Like any business, a supply chain company needs to form its business story and build intelligent campaigns. A few key preparations link directly to a successful outcome.
Management needs to invest a chunk of time initially to get the company's story nailed and incorporated into the communications effort. The thread needs to be integrated across the entire organization and in all media. The first step is to consider some key questions and create a positioning statement and key messages. This results in a communications strategy on which all tactics are based. (Think strategy first, then tactics.)
Be brutally honest about how you stack up against your electronic supply chain competitors with an eye toward understanding their established market positions. The competitive comparison may vary across geographies. Understanding this is part of effective planning. Often, a single strategy won't be globally effective.
Capture information from technical and management team members in order to create content specifically of interest to supply chain pros at various levels. Outside sources may also prove valuable. Consider offering information targeted at those working in specialties that make the buying decisions that effect your organization.
Re-using existing relevant content may be a more rapid means of getting started. Whether content is newly developed or repurposed, always focus on areas of interest to people in the supply chain industry, whether it is politics, economics, technology, or human resources.
Have a business or marketing plan
Every organization has a PowerPoint presentation that outlines the basics of their organization. However, this file isn't the same as having a business or marketing plan and strategy statement. It may work with explanation but PPT files are meant to have a speaker. A simple, clear document is needed. Richard Rumelt's recent book, Good Strategy/Bad Strategy, one of the best business books I've read in a decade, offers invaluable advice:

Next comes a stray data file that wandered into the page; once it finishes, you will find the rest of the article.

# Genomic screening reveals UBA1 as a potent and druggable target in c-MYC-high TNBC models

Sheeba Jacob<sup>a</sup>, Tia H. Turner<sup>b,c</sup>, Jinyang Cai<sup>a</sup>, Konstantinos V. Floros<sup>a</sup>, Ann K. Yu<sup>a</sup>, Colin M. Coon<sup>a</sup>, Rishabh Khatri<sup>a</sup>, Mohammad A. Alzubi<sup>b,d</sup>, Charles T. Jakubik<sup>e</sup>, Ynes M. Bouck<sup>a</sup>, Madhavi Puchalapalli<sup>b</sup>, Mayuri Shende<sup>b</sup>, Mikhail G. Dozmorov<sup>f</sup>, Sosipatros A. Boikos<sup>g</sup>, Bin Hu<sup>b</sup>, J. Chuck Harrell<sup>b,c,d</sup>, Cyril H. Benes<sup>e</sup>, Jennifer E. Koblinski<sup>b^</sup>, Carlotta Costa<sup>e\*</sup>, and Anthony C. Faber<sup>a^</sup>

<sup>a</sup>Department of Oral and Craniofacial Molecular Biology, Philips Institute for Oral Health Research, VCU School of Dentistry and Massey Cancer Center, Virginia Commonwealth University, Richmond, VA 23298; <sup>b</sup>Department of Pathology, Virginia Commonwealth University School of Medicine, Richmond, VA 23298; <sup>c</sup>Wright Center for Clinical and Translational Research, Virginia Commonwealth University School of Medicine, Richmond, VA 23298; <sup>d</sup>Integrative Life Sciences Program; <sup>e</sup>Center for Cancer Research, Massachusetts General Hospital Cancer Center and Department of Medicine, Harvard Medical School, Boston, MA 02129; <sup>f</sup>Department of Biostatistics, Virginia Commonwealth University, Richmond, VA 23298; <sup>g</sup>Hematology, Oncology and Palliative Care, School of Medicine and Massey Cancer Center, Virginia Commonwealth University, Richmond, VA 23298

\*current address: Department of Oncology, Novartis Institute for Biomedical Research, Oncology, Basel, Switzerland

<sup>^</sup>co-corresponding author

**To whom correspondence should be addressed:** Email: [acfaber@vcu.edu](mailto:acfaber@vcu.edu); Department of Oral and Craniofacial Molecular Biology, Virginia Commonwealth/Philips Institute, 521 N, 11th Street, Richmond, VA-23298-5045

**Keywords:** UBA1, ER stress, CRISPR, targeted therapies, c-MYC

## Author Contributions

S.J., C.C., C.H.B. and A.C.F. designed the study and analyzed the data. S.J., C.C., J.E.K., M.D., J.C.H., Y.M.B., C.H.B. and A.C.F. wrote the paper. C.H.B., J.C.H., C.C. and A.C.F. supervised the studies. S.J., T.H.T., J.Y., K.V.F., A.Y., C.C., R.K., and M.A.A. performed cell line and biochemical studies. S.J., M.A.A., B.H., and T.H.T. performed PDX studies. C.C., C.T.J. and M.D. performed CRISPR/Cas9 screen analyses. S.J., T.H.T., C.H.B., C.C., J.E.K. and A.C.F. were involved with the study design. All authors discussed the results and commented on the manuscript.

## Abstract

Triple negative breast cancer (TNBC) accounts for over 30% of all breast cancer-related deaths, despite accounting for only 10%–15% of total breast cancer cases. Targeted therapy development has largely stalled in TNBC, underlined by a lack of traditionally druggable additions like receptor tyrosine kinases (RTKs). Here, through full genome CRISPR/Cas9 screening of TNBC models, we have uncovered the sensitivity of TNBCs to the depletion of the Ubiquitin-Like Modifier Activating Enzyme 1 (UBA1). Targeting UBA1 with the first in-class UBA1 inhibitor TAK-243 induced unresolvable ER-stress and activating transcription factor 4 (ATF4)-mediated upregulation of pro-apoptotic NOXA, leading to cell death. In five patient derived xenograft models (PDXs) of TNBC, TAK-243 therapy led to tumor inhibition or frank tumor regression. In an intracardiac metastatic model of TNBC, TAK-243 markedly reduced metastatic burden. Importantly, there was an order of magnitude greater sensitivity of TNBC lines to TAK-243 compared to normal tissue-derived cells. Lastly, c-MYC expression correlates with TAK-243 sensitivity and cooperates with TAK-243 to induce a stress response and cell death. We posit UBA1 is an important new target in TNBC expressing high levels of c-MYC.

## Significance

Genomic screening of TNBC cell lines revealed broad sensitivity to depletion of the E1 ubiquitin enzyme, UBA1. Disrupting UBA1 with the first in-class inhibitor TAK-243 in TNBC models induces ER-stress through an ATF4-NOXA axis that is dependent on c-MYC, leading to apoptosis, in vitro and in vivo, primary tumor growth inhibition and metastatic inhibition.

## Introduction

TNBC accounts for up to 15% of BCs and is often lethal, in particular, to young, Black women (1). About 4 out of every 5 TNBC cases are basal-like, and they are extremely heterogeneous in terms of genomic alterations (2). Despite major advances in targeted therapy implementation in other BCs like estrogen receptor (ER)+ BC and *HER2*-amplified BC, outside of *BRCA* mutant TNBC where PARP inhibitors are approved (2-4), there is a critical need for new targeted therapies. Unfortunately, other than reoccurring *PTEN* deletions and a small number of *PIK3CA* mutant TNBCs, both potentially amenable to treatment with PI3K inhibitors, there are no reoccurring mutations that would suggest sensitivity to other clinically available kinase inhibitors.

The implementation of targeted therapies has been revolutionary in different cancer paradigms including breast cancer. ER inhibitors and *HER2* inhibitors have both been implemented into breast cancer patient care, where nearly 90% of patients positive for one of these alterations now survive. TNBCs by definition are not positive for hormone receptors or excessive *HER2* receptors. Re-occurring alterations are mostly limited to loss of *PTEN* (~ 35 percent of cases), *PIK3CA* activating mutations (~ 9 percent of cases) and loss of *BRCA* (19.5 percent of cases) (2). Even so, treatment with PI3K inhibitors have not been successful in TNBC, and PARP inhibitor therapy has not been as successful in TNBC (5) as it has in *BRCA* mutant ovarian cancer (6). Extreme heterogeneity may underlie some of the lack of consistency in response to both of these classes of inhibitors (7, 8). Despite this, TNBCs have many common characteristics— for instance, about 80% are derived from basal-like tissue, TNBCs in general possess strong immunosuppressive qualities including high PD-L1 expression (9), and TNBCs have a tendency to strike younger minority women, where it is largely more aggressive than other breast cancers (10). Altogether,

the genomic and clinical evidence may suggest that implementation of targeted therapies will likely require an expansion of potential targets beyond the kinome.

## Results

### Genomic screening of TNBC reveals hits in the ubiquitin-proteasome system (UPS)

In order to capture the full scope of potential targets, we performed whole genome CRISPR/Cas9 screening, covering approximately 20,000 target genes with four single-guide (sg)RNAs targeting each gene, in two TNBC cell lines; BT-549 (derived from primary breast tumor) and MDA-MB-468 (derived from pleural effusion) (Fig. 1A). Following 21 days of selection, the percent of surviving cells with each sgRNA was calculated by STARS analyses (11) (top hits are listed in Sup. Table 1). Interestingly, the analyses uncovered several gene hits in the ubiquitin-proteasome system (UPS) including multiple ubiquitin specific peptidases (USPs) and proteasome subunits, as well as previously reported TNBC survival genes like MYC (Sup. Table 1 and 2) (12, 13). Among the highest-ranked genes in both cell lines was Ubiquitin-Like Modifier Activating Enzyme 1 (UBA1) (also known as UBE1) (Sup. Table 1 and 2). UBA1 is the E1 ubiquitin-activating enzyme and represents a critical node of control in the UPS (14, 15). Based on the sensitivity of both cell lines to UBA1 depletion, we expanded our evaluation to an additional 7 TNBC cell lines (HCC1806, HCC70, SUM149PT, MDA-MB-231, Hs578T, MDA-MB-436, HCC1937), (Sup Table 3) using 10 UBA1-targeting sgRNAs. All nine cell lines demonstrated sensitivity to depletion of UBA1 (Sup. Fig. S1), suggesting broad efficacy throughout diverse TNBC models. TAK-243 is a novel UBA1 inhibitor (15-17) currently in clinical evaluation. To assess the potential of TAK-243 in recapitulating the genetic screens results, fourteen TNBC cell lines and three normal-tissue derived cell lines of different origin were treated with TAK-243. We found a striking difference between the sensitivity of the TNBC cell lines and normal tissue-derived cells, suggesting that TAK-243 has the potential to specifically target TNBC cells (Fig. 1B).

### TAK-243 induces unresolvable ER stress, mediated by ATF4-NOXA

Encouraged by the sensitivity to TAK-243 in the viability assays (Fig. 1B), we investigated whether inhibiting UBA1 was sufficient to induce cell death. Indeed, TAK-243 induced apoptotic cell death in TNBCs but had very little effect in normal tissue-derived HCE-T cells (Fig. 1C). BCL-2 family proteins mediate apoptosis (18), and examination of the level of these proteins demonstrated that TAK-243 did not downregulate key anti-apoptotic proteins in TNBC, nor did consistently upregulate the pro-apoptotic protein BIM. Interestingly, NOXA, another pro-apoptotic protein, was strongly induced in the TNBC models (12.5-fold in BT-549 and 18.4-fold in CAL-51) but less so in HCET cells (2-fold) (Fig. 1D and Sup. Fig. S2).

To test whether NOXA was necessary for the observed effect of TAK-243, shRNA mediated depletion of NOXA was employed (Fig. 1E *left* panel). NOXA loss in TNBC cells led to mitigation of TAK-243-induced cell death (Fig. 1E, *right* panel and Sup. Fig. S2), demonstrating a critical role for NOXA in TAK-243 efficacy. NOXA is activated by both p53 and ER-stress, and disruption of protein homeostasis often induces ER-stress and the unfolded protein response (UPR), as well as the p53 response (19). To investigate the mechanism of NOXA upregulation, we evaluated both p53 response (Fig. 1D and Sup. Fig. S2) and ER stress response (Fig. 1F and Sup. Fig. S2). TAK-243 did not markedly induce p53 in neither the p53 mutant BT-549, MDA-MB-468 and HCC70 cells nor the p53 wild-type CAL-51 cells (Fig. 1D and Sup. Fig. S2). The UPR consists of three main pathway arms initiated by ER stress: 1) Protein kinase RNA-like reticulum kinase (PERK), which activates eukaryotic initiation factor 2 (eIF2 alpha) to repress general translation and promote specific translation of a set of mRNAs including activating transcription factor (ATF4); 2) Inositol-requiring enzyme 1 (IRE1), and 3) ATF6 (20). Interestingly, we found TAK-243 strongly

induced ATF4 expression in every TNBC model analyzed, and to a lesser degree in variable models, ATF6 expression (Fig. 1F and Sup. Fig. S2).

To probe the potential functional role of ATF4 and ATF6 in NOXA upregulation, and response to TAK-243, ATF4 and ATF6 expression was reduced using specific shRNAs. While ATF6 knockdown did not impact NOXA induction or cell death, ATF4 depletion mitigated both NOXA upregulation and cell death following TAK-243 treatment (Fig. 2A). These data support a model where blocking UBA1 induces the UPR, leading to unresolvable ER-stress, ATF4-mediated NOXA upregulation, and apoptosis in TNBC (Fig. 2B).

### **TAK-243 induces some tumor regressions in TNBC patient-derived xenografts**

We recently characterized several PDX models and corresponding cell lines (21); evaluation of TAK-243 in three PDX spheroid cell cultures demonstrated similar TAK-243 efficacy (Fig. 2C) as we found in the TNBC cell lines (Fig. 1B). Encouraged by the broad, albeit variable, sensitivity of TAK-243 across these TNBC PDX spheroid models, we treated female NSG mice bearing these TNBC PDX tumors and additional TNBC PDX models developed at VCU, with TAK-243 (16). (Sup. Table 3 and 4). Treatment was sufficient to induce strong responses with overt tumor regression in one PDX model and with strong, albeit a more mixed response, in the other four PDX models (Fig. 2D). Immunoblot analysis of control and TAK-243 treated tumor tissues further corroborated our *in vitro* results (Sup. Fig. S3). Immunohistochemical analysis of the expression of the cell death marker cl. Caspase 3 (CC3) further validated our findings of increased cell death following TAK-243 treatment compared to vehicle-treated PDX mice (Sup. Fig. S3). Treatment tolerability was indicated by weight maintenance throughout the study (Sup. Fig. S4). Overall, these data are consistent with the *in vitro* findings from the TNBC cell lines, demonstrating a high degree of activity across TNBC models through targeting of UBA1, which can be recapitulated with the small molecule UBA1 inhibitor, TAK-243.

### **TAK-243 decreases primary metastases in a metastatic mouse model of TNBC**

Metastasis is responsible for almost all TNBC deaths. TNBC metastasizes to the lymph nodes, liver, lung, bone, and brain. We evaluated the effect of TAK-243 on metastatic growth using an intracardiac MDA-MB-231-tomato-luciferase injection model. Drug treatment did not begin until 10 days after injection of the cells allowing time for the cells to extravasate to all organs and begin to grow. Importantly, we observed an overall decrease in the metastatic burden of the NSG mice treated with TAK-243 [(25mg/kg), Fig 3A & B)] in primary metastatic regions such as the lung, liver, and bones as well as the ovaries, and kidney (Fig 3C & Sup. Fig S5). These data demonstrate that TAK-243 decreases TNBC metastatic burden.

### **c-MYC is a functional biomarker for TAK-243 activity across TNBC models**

A business strategy is not , as is so often portrayed in the corporate world, an Objective or end point or a bunch of fluff and high-sounding language without meaning. A strategy includes the following:
- A diagnosis defining or explaining the nature of the challenge. An effective diagnosis simplifies the often overwhelming complexity of the business environment by identifying certain aspects of the situation as critical. (An example might be a missing piece needed by customers that competitors have ignored. It can also be lots of other things.)
- A guiding policy for dealing with the challenge. This is the overall approach chosen to cope with or overcome the obstacles identified in the diagnosis.
- A set of coherent actions that are designed to carry out he guiding policy. These are steps that are coordinated with one another to work together in the accomplishing the guiding policy.
I offer these thoughts as a starting point for your team to begin thinking strategically about creating and disseminating a corporate brand identity. The best vehicle is a clear, simple plan that can be widely shared across your business. A good strategy has the potential to drive business. Bad strategy or none at all, meanwhile, offers a superb means of wasting time and money.